Innovation

Pay attention to the small details to resolve larger problems


So, today I started a new position. It

was a bit of an anticlimax compared to finding out I'm going to have

a daughter in February, but still a lot of fun. Both experiences,

though, reminded me of the absolute importance of taking care of the

little details. After all, starting a new job or having a new child

enter your life both look far, far to overwhelming to honestly take

on as a whole.

Both, though, really break down into

hundreds of interlocking small steps. Take the starting the new job

as an example. It's a big step. I'm walking into a new situation,

filled with new people, new products, and unknown challenges. For

someone without a car (like me), I have to work out new bus routes,

not to mention prepare as well as I can based on the information I

have, polish my shoes since my son decided they needed a long bath,

and talk my white cats out of using my coats as a sleeping mat after

my son unhooks the hangers. That's all before I arrive at the

work-site. Add to that all the standard logistical challenges

associated with starting up, the social challenges of a new

environment, and the intellectual challenges of understanding how

others put together a complex system and it could seem overwhelming.

Standard wisdom would suggest breaking

it all apart into a task list and then doing each item in order of

dependency. This is not a bad approach when you have something you

can wrap your arms around and do though your own effort in reasonably

short order. Starting a new job, for example, fits neatly into this

model. You start at point A, work out the simple critical path to

point B, then execute until you complete. Like magic, taking each of

the small steps ends up with you reporting on time (or in my

preferred scenario a little early) to your first day of employment.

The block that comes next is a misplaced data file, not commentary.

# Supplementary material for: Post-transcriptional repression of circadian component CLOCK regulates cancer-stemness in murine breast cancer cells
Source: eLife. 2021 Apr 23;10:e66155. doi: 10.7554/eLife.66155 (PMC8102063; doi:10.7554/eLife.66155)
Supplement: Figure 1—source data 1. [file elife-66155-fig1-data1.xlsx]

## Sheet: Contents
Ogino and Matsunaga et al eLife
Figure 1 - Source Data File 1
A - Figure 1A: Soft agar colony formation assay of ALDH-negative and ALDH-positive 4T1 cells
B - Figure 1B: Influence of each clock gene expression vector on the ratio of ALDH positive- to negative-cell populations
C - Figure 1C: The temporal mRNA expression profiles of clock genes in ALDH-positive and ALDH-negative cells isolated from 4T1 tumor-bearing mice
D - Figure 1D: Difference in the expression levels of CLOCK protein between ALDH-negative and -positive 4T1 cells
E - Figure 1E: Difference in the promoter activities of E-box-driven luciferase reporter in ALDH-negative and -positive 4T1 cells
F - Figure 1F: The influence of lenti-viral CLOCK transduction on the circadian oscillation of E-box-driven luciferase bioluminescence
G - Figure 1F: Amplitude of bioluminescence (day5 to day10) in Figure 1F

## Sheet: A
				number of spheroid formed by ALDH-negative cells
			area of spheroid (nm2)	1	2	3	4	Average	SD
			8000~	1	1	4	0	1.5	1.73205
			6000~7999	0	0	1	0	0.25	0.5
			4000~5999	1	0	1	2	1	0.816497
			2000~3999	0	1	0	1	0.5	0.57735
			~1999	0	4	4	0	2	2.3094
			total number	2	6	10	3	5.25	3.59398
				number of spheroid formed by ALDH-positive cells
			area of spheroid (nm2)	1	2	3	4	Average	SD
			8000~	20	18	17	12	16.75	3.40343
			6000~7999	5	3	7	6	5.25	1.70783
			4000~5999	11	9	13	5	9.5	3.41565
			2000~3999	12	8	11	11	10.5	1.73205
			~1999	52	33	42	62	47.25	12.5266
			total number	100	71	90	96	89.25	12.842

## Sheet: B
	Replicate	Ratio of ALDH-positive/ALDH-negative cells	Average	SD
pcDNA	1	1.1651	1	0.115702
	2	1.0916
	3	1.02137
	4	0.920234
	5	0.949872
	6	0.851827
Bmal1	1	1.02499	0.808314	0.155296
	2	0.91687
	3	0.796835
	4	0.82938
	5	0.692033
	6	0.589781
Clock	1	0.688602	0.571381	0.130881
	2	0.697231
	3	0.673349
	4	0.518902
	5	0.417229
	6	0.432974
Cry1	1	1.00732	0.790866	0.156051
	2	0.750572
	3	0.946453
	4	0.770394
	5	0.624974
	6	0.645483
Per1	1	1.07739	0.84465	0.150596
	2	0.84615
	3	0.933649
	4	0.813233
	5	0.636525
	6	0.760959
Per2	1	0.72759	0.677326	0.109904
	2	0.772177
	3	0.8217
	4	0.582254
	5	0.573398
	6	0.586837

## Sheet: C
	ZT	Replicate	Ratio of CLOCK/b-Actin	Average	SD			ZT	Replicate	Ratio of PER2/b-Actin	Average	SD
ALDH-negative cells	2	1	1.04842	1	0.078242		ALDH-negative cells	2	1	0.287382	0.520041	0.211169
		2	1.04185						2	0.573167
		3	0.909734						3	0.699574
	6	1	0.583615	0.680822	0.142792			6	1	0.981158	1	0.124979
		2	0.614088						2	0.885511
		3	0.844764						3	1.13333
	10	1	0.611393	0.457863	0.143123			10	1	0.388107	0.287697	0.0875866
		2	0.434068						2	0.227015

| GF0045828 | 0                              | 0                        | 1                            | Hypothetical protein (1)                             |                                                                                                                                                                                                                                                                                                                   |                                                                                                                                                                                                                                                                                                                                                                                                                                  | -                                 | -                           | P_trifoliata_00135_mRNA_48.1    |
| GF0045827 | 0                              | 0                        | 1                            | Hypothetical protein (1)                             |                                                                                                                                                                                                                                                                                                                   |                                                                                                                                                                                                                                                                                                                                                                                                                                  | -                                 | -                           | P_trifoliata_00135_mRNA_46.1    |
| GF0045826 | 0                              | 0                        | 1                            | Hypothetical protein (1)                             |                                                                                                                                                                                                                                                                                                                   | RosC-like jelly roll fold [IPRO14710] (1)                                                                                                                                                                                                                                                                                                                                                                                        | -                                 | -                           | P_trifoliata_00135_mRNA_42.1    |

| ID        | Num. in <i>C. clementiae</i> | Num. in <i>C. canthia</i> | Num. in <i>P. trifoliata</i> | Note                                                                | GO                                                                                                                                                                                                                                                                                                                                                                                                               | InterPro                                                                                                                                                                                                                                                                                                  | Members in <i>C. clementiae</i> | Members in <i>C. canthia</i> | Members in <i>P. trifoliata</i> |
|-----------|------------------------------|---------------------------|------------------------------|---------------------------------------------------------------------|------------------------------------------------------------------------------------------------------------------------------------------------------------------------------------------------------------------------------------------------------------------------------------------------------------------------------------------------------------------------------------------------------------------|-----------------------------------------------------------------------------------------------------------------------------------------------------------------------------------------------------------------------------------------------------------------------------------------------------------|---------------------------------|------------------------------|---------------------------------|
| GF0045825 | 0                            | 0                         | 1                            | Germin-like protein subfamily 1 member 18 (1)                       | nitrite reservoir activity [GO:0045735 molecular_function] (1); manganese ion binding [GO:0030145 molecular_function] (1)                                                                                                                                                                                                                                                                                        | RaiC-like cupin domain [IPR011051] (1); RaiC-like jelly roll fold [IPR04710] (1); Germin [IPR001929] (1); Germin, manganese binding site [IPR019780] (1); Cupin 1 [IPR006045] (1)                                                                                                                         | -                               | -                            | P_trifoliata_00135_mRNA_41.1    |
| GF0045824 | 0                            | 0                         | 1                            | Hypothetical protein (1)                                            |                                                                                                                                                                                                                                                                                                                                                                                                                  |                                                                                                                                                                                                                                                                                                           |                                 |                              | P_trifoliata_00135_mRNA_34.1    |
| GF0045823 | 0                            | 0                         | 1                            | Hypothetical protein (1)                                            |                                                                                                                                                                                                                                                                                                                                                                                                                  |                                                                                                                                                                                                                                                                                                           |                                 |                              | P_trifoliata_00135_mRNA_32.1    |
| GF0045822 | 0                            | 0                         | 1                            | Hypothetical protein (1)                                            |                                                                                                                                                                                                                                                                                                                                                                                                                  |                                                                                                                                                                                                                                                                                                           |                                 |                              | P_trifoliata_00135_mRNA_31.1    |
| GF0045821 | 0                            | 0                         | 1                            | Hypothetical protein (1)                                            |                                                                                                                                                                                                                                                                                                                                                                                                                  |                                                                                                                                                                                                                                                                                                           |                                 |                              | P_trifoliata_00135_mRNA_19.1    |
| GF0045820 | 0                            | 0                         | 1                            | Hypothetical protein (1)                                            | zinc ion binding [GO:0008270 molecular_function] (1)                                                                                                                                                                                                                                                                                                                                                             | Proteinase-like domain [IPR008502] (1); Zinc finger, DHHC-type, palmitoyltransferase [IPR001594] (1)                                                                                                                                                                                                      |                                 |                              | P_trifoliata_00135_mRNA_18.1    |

The same approach doesn't always work

in project management or in life, though. Both generally involve

more than a limited set of actions over a short time horizon.

Instead they involve dozens of interested parties, each one with

their own needs, over a long period of time. Sometimes the goals

change. Other times, the circumstances around what you want to

accomplish change so completely the goal becomes meaningless.

Rarely, things stay stable enough for you to know where you will end

up.

So, do we just give up on task lists

and critical paths? Do we take to the streets in wild (well, wild

for project managers) revelry? Do we just accept our fate as cogs in

the vast machine, awaiting our next opportunity to writhe under the

crushing wheels of fate?

Nah. You see, all good project

managers I've ever worked with or trained have a gift. They can see,

or feel, or otherwise break apart complex outcomes into multiple

branching critical paths. More importantly, they can discern which

paths carry high priority, which ones need attending to, and which

ones they can safely ignore with minimal repercussions. Sometimes

that later comes back to haunt us, when we estimate wrong, but that's

the price we pay for prioritizing.

The trick is to not lose focus on the

little things as you move forward. To take a mundane example, its

all well and good to know you need to polish your shoes, but knowing

and doing are two different things. And if your son hides the shoe

polish, you've just added a new task to your ever growing list.

I'll talk more about new people and new things on Friday.

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